CALGARY (Reuters) - The Canadian province of Alberta, home to the country’s controversial oil sands, said on Sunday it will implement an economy-wide tax on carbon emissions in 2017, addressing long-standing criticism it is not doing enough to combat climate change.
The provincial government estimated the plan, including a pledge to phase out pollution from coal-fired electricity generation by 2030 and a limit on emissions from the province’s oil sands industry, would generate C$3 billion ($2.25 billion) in annual revenue.
Backed by prominent representatives from industry and the environmental movement, Premier Rachel Notley said the province was trying to do the right thing for the future.
Notley will bring her plan into a meeting on Monday of Canadian premiers with Prime Minister Justin Trudeau, to prepare Canada’s national strategy at the upcoming Paris climate change summit.
Notley’s left-leaning New Democratic Party took power earlier this year, ending 44 years of Conservative rule.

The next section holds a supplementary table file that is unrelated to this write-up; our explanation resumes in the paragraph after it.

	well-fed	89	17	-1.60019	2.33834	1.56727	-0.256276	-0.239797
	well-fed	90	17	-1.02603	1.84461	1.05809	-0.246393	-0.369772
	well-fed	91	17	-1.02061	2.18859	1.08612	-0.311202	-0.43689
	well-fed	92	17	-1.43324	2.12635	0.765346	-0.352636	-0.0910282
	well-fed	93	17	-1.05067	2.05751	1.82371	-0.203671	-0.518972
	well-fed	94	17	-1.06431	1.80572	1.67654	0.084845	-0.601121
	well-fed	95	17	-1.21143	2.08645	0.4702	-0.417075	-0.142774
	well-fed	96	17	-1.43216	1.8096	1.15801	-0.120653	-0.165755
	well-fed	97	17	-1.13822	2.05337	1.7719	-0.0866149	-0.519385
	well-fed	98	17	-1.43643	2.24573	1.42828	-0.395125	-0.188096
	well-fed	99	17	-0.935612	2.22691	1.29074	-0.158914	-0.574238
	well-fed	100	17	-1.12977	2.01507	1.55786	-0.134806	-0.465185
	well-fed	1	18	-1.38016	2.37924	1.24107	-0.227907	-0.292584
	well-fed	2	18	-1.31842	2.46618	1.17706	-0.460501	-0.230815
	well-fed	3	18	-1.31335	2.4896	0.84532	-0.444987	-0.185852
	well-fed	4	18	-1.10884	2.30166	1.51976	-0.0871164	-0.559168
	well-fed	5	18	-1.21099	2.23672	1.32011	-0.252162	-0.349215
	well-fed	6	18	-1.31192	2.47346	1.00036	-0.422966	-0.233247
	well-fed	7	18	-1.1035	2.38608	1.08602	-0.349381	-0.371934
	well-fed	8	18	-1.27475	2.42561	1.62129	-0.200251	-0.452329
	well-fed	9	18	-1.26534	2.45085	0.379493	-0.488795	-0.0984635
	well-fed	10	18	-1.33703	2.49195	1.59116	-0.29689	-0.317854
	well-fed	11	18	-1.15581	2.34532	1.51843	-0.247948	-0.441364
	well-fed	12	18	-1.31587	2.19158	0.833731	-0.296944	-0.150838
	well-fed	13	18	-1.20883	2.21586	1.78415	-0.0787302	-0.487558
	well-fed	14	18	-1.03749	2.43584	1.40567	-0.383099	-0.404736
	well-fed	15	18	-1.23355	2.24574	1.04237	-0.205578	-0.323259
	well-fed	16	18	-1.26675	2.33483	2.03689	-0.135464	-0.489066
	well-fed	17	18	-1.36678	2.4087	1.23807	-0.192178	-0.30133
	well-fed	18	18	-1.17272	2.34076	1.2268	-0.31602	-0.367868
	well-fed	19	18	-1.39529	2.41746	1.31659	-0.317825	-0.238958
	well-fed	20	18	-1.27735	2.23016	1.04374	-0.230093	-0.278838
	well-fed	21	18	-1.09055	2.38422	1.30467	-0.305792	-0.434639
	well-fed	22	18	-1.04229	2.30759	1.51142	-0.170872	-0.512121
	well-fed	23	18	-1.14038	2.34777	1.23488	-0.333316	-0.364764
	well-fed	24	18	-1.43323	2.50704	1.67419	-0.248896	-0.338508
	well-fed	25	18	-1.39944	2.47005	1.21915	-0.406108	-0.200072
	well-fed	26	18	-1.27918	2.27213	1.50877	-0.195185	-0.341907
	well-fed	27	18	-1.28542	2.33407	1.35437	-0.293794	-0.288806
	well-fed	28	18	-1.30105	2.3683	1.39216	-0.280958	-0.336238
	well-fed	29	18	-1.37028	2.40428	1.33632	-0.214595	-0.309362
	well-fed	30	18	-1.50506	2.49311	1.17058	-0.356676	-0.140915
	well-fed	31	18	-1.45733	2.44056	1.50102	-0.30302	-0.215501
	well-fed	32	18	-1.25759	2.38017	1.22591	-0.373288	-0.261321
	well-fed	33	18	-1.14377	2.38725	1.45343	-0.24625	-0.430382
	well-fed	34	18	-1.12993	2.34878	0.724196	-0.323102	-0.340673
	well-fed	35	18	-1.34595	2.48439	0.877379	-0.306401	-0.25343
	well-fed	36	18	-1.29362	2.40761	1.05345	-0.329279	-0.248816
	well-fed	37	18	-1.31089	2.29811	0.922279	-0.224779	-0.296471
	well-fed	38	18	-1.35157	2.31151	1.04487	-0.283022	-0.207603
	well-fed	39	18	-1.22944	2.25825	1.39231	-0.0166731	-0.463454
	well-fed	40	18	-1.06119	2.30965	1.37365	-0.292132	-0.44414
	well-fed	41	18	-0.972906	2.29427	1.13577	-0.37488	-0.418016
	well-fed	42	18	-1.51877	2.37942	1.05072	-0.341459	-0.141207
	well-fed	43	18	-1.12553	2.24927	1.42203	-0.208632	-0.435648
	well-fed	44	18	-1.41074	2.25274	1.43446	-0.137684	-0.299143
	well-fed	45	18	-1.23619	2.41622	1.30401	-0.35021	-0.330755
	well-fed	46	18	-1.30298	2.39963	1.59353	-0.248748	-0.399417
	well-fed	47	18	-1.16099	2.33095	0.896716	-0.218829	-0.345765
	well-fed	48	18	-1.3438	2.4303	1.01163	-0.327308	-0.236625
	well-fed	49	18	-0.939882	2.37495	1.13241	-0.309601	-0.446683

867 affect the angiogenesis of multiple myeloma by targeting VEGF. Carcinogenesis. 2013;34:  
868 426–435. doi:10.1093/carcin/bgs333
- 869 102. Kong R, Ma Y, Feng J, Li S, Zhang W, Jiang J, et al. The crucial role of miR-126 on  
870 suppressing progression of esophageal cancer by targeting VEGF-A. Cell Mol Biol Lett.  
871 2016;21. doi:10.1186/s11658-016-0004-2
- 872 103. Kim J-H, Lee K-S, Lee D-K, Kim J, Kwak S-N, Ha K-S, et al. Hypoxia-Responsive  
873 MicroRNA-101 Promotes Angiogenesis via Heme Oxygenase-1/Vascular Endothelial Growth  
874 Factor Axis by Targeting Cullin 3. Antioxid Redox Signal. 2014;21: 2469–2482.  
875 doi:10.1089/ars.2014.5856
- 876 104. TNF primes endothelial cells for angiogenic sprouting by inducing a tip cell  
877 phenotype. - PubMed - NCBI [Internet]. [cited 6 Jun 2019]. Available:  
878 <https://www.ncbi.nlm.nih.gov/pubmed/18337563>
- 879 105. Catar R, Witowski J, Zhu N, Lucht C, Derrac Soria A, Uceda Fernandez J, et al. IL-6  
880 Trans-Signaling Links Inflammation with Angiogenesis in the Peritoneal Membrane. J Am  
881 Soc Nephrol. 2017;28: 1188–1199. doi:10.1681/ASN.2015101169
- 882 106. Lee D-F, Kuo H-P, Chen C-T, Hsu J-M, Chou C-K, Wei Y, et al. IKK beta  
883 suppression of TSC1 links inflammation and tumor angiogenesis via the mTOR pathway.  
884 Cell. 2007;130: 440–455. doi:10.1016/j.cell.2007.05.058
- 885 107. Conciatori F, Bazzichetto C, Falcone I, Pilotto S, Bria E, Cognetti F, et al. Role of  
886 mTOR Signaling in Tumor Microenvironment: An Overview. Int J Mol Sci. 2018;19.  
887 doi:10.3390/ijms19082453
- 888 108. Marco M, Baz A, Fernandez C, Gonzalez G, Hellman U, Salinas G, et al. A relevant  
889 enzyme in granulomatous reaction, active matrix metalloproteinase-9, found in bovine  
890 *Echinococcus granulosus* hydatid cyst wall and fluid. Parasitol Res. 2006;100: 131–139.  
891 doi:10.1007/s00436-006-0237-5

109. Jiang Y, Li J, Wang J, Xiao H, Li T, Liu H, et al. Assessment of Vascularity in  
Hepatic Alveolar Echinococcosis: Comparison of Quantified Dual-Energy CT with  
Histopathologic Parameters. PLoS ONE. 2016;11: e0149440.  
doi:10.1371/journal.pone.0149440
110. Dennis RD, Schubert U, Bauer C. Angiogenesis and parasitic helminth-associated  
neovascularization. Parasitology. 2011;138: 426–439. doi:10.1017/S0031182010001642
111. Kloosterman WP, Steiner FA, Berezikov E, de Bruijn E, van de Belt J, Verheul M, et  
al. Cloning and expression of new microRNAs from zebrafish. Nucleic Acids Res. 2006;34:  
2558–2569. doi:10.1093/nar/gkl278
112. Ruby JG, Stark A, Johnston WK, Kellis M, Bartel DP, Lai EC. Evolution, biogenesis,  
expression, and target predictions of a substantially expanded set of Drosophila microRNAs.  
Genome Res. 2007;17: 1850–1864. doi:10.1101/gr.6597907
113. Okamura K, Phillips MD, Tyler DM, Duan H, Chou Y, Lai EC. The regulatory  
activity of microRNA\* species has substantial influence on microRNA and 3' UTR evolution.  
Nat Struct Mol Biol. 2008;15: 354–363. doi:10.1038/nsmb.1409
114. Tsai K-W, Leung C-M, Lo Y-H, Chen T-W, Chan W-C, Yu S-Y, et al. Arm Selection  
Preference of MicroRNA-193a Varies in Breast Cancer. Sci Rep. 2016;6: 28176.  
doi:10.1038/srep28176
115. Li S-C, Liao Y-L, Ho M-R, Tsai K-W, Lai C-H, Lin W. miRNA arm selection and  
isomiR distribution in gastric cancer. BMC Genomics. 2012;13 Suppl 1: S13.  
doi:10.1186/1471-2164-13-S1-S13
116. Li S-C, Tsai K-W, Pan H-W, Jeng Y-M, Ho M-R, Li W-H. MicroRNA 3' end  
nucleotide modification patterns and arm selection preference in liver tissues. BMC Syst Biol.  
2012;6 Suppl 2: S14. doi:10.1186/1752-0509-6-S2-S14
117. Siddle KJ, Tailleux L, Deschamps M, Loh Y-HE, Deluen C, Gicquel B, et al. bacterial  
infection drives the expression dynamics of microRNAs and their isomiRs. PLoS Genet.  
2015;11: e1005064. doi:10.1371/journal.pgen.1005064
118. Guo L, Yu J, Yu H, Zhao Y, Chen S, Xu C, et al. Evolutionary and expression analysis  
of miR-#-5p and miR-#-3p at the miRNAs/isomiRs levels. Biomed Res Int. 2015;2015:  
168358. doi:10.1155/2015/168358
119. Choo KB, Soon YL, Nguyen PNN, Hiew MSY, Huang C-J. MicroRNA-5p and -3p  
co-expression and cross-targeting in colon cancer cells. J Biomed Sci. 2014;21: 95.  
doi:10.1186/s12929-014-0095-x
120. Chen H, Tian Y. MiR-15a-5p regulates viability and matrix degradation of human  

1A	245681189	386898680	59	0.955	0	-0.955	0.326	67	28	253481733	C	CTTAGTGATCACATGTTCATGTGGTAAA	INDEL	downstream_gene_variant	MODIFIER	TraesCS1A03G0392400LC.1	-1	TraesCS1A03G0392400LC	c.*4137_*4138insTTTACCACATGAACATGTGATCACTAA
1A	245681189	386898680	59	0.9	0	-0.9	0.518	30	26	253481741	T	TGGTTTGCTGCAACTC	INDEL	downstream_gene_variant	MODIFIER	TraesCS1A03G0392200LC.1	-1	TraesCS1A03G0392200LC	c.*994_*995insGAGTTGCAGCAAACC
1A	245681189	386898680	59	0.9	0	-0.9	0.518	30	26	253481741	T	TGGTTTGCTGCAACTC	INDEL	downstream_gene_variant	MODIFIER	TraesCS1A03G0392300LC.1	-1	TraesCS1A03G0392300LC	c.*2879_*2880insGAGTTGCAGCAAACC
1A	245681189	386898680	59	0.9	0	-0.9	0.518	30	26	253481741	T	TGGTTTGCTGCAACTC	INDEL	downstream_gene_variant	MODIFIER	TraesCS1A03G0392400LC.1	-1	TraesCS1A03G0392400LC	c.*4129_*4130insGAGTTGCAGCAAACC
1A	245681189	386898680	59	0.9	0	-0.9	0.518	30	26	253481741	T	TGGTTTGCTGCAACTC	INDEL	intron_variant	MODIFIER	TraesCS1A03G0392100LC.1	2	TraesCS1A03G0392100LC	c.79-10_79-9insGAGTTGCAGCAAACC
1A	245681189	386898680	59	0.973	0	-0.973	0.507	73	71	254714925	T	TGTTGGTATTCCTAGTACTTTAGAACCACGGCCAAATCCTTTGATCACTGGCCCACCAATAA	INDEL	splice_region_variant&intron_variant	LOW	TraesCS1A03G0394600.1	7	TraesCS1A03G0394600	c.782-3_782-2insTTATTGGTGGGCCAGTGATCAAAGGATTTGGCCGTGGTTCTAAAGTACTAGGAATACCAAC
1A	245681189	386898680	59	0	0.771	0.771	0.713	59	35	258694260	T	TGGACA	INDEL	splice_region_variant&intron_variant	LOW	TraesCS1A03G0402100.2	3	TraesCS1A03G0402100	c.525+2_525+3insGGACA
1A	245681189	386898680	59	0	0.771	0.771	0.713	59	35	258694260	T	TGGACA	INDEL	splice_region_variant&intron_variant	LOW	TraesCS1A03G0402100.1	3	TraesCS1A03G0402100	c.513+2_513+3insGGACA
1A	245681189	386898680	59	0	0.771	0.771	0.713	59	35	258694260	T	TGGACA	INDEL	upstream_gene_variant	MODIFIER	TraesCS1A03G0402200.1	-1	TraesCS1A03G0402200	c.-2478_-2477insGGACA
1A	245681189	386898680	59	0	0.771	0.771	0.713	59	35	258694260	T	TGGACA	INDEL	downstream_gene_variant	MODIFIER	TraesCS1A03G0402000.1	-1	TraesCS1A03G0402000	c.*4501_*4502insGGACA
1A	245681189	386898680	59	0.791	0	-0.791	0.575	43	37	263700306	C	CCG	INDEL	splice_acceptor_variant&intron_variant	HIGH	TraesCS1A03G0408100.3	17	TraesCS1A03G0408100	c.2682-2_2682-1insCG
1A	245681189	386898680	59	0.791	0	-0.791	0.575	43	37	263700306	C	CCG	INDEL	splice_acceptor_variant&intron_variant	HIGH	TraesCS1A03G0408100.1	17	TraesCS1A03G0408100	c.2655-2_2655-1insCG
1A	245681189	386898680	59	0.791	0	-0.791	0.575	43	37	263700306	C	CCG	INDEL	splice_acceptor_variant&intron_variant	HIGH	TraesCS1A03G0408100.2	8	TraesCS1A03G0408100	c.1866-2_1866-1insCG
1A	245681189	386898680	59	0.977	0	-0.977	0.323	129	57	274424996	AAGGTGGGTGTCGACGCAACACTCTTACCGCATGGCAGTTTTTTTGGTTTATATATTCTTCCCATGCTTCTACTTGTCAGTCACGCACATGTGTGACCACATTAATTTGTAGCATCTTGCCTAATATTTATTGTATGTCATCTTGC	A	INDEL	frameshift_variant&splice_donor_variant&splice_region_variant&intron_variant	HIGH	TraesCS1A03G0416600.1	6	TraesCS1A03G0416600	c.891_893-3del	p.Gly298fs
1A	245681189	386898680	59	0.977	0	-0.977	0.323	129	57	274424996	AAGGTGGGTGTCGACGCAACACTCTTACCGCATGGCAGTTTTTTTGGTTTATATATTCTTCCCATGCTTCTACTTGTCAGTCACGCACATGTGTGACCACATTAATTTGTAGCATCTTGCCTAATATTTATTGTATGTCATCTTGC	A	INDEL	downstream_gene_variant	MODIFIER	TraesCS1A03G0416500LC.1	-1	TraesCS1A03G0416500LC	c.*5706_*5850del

“It will help us access new markets for our energy products, and diversify our economy with renewable energy and energy efficiency technology,” Notley said in Edmonton. “Alberta is showing leadership on one of the world’s biggest problems.”
Alberta has the world’s third largest crude reserves, but its oil sands industry is also Canada’s fastest growing source of greenhouse gas emissions.
That status has prompted fierce opposition from environmental groups to proposed pipelines that would allow the industry to access new markets, including the recently rejected Keystone XL pipeline, proposed by TransCanada Corp.
Alberta’s energy sector has also been hammered with thousands of layoffs in recent months due to slumping global oil prices.
Several major oil companies, including Suncor Energy Inc , Cenovus Energy Inc, Canadian Natural Resources Ltd and the Canadian division of Royal Dutch Shell Plc endorsed the government proposal to set a cap that would still allow overall oil sands emissions to grow by about 40 per cent.
“This plan recognizes the need for balance between the environment and the economy - one that should provide greater flexibility for the industry and the province on a go-forward basis,” said Murray Edwards, chair of Canadian Natural.
Environmental groups, including the Pembina Institute, Forest Ethics and Environmental Defence Canada, also endorsed the plan.
Greenpeace Canada described the plan as a “historic first step” to slowing growth of pollution, but said more needed to be done by all jurisdictions to prevent dangerous changes to the climate.
($1 = 1.3328 Canadian dollars)
Editing by Jonathan Oatis